Charles nodded, but he was not yet fully at ease. Obviously his mind had gone straight to the one great rift in their relationship, their disagreement about adopting Jean, when Erik had gone so far as to look at apartments for rent. Erik tended to think of that time as birthing pains of a sort – the turmoil that had brought him from his grief for Anya to the happiness of raising Jean. But the scars ran deeper for Charles, and until now, Erik had not suspected just how deep.

He lifted Charles’ hand to his mouth and kissed his knuckles. “I’m sorry I said it so badly. You know I’d never mean to – hurt you, scare you.”

“Of course. It’s just – “ Charles laughed softly, at himself. “Now that I’ve become so used to knowing your thoughts, when I don’t know them, it’s as if I don’t understand anything. Obviously I’m leaning on my abilities too much. Relying on them instead of what I know of you.” Their eyes met. “That’s always what I want to rely on first.”

Erik would have leaned in for a kiss, then, but Jean chose that moment to make her appearance. She had a naked Barbie doll clutched in each hand. “People are thinking about me going on a trip,” she announced.

The new privacy ideal was going to take some work with the younger mind-reader of the family. Erik said only, “How would you like to go to Disneyland?”

At first there were no words, only squealing so high-pitched that both Charles and Erik winced as they started to laugh. Then Jean took to jumping up and down, waggling the Barbies over her head like pompoms as she sang, “Yay yay yay yay yay yay yay!”

“This is bribery!” Charles said over the din.

“Guilty as charged!”

 

**

 

So, within the week, Erik found himself on a flight to Los Angeles. Either through the travel agent’s genius or sheer good luck, they were traveling in a first-class cabin in which they were the only two passengers. Erik had thought it would be a godsend when traveling with a no doubt tired and cranky child –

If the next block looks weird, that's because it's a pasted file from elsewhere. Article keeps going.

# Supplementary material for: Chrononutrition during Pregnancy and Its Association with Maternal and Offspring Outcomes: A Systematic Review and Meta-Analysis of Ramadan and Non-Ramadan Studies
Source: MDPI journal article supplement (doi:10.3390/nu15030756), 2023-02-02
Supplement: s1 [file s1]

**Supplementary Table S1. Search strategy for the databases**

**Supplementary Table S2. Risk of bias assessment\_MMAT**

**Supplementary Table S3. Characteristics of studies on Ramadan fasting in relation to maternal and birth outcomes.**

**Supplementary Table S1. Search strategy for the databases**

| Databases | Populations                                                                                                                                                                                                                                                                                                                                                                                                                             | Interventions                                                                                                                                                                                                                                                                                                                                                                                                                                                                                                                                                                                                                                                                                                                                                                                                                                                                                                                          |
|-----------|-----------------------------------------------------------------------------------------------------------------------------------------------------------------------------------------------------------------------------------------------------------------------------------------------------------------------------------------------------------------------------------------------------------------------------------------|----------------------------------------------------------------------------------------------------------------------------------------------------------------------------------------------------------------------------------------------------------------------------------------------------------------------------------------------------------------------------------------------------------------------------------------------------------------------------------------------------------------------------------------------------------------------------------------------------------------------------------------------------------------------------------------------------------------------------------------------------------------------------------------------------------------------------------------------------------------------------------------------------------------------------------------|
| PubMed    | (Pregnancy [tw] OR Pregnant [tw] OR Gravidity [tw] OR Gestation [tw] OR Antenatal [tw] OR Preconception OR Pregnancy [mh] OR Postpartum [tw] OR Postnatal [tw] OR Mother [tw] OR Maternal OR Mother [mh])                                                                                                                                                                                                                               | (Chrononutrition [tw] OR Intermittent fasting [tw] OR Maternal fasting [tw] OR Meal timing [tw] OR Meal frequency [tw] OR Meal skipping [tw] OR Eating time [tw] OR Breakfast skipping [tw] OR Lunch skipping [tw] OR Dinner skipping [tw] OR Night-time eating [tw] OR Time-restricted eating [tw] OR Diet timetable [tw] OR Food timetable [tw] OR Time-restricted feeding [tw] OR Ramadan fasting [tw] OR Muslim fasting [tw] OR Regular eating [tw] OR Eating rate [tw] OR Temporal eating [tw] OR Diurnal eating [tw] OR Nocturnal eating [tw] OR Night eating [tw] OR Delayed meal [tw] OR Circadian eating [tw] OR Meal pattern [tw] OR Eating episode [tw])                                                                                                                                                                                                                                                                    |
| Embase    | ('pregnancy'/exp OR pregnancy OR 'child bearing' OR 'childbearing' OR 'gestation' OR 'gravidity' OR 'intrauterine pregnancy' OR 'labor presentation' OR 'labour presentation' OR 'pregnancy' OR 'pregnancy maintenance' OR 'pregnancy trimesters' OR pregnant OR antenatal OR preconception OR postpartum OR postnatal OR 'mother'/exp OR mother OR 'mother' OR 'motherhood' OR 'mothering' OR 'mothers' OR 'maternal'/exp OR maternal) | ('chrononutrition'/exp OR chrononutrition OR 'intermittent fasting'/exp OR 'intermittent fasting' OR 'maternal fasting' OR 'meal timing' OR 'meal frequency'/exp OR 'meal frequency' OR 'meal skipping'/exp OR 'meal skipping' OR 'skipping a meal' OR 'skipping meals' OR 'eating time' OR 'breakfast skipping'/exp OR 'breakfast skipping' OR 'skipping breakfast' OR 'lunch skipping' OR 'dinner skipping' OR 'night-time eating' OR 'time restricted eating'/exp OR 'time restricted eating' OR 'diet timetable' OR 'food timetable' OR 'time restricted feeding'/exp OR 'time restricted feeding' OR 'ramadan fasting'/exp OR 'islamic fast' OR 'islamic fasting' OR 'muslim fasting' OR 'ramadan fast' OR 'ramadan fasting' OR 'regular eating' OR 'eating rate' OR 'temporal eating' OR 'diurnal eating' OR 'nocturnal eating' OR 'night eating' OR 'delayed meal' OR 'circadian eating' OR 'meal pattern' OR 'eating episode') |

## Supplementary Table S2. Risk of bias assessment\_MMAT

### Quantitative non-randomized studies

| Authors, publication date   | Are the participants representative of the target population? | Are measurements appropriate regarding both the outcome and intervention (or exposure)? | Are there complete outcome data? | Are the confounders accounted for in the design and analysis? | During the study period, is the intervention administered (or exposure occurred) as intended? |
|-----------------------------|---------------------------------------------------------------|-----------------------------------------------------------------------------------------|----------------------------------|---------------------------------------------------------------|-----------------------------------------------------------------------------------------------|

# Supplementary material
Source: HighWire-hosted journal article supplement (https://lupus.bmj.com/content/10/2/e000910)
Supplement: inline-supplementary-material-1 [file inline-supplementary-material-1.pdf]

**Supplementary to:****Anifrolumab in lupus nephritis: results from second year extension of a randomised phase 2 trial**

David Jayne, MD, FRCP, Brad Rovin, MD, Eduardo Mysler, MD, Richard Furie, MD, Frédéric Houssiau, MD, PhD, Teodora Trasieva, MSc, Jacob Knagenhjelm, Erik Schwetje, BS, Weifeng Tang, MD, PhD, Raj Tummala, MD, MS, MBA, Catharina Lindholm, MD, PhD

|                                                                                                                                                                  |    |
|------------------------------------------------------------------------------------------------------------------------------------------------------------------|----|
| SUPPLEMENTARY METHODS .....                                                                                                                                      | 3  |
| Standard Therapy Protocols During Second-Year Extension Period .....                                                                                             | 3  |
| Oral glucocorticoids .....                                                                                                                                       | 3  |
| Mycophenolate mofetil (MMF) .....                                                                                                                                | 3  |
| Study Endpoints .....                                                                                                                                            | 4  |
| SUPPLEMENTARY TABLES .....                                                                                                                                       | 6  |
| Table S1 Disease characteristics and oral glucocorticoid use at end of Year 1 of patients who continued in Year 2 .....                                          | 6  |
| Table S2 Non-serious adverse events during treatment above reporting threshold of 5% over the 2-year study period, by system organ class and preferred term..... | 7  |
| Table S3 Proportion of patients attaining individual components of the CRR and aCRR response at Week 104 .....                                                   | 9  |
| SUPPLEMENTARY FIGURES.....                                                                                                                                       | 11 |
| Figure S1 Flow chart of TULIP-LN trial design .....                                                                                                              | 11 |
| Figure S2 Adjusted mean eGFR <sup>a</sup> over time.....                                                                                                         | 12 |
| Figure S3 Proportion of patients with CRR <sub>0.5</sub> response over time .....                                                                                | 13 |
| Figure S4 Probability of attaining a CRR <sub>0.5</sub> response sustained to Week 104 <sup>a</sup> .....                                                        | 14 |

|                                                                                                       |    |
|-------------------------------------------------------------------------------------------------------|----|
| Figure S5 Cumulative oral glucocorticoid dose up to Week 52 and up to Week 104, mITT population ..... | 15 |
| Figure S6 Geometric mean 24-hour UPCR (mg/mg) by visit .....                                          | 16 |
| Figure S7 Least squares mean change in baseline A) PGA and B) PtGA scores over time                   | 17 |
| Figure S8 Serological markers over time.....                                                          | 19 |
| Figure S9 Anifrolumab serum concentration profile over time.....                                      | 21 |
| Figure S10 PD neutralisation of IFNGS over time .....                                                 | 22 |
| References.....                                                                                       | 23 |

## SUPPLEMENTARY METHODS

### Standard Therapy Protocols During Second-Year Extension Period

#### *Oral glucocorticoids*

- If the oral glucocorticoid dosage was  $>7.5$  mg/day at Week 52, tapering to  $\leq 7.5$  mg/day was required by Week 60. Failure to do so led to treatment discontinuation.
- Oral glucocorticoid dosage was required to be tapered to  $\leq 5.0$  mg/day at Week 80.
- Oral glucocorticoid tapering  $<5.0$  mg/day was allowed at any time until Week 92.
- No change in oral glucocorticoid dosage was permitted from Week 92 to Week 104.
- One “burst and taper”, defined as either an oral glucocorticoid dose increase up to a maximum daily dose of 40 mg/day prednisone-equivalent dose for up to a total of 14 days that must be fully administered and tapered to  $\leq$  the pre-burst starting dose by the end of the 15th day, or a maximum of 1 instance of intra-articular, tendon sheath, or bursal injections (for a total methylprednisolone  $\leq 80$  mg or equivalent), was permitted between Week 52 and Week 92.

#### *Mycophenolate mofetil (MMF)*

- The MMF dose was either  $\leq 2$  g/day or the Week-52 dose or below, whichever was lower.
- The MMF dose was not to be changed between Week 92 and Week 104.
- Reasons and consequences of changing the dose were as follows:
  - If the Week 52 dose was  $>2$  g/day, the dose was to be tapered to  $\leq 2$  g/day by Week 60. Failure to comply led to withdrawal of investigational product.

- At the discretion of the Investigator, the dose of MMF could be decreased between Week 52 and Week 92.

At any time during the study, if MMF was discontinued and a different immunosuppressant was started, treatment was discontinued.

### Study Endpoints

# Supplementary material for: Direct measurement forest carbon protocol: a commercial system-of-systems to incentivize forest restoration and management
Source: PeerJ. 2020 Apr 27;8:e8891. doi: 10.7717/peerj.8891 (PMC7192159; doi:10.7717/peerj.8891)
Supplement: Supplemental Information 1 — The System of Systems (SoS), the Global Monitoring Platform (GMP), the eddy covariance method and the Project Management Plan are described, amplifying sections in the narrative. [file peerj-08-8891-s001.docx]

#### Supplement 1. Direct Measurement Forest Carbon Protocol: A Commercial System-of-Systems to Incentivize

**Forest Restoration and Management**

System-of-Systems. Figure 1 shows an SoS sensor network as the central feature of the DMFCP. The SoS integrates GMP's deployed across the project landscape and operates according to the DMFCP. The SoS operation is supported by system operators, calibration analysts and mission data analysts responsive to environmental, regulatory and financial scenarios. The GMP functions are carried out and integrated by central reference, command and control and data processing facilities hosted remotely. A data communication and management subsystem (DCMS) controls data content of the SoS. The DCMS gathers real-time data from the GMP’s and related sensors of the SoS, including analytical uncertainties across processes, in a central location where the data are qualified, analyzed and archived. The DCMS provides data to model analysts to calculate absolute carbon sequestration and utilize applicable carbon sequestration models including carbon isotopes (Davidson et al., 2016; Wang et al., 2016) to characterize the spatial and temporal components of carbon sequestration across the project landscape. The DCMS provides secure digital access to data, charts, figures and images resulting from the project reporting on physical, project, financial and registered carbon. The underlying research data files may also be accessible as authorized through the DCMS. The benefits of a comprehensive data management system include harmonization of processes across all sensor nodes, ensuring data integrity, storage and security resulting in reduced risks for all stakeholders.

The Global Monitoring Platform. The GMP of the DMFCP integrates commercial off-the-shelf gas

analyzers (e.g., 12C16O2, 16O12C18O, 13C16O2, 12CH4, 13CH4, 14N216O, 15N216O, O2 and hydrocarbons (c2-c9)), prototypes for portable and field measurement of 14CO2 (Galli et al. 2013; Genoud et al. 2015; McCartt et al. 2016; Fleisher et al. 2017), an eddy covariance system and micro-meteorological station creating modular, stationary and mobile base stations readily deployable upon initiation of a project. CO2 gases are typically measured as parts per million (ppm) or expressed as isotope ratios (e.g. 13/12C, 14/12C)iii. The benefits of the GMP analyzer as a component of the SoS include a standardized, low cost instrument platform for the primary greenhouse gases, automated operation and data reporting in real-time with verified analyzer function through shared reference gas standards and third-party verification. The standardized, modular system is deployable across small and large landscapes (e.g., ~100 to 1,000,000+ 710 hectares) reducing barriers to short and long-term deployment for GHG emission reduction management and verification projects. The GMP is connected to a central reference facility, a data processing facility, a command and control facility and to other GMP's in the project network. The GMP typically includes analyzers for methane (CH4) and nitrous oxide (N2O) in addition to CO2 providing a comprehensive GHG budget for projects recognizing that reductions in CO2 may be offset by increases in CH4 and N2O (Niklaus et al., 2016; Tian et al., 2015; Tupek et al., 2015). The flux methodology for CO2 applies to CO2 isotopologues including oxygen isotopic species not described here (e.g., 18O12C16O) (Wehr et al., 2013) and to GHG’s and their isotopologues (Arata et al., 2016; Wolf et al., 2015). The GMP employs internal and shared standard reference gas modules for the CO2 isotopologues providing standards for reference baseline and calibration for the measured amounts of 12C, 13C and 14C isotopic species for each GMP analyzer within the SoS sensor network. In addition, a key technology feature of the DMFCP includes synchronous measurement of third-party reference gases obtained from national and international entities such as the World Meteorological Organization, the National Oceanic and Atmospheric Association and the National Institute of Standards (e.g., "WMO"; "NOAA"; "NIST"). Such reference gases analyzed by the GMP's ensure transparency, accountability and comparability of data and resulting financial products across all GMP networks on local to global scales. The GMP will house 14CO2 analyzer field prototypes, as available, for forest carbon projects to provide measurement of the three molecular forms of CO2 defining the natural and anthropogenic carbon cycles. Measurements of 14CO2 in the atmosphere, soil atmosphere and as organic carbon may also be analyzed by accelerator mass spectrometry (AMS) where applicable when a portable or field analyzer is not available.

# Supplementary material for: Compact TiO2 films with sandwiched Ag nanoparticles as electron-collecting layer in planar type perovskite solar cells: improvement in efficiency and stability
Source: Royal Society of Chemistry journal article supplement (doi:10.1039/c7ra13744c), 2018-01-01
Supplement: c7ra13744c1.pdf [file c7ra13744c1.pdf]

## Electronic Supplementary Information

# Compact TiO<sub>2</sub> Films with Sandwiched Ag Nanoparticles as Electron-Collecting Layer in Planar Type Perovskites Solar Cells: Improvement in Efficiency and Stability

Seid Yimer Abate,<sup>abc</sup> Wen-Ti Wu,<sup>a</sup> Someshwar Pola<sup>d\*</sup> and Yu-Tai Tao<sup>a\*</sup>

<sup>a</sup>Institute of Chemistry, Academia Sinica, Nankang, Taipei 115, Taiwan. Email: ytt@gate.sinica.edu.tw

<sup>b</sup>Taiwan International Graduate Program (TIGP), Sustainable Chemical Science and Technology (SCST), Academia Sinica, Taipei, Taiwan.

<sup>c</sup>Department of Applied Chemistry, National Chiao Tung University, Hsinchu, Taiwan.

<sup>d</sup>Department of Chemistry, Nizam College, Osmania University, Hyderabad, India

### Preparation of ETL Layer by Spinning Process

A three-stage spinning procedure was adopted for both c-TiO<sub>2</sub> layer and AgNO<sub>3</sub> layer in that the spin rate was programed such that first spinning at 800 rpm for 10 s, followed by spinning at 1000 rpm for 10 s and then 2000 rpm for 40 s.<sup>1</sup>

--instead, Jean remained wide awake, excited to the point of hyperactivity, and determined to charm every single crew member on board.

“Can I have a ginger ale?” she piped as she kicked her little legs off the edge of her seat.

“I’d be happy to get it,” the purser said, grinning down at her, but Erik shook his head.

“Aren’t we about to land?” About fifteen minutes, they’d said; his ears had already popped several times. “It can wait.”

“But I’m thirsty.” Jean stuck out her lower lip. The purser gave Erik a look that suggested he was clearly a child abuser.

Erik just cuddled her closer to him. “Wait and we’ll get you something nice at the hotel.”

“Ice cream?”

It went against Erik’s grain to spoil the girl – he was the disciplinarian of the family – but this was a vacation, something special, and he decided he might as well go all out. “Strawberry for you. Chocolate for me.”

“Okay!”

The purser, now smiling again, went on his way to the coach section of the plane, which was only about one-third full, but no doubt contained far more people in genuine need, as opposed to little girls determined to find out just how good they had it.

Jean chose this moment to ask, “How did Aunt Raven get a baby in her tummy?”

“Ah. Hmm.” He believed in being honest with children, but how was he supposed to put this?  Charles would be so much better at handling that question. Of course Jean had become curious just when Charles was a continent’s length away.  Just his luck.

Too late he realized he must have envisioned some of what he was trying not to say, because Jean’s eyes became huge. “Ohhhh.”

“Jean, why don’t we talk about this after – ”

Impact sent them both jerking forward so hard that Erik’s head whacked against the seat in front of him. Momentarily stunned, he thought air pocket

--but then Jean screamed, and the plane began to rip apart.

Erik stared in horror as seawater rushed in around his feet. They’d gone down in the ocean, down without one moment’s warning. Screaming rose to a pitch all around him – Jean, other passengers, the tearing of metal –

Move! He slung off their seatbelts and snatched Jean into his arms. Already the stewardesses had begun shouting to evacuate, but even as Erik stood, the water deepened – ankles, calves, knees – and as the emergency lights blinked off and on, darkness to shadows, he saw the back part of the plane fall away, jagged steel pointing upward for one instant before it sank.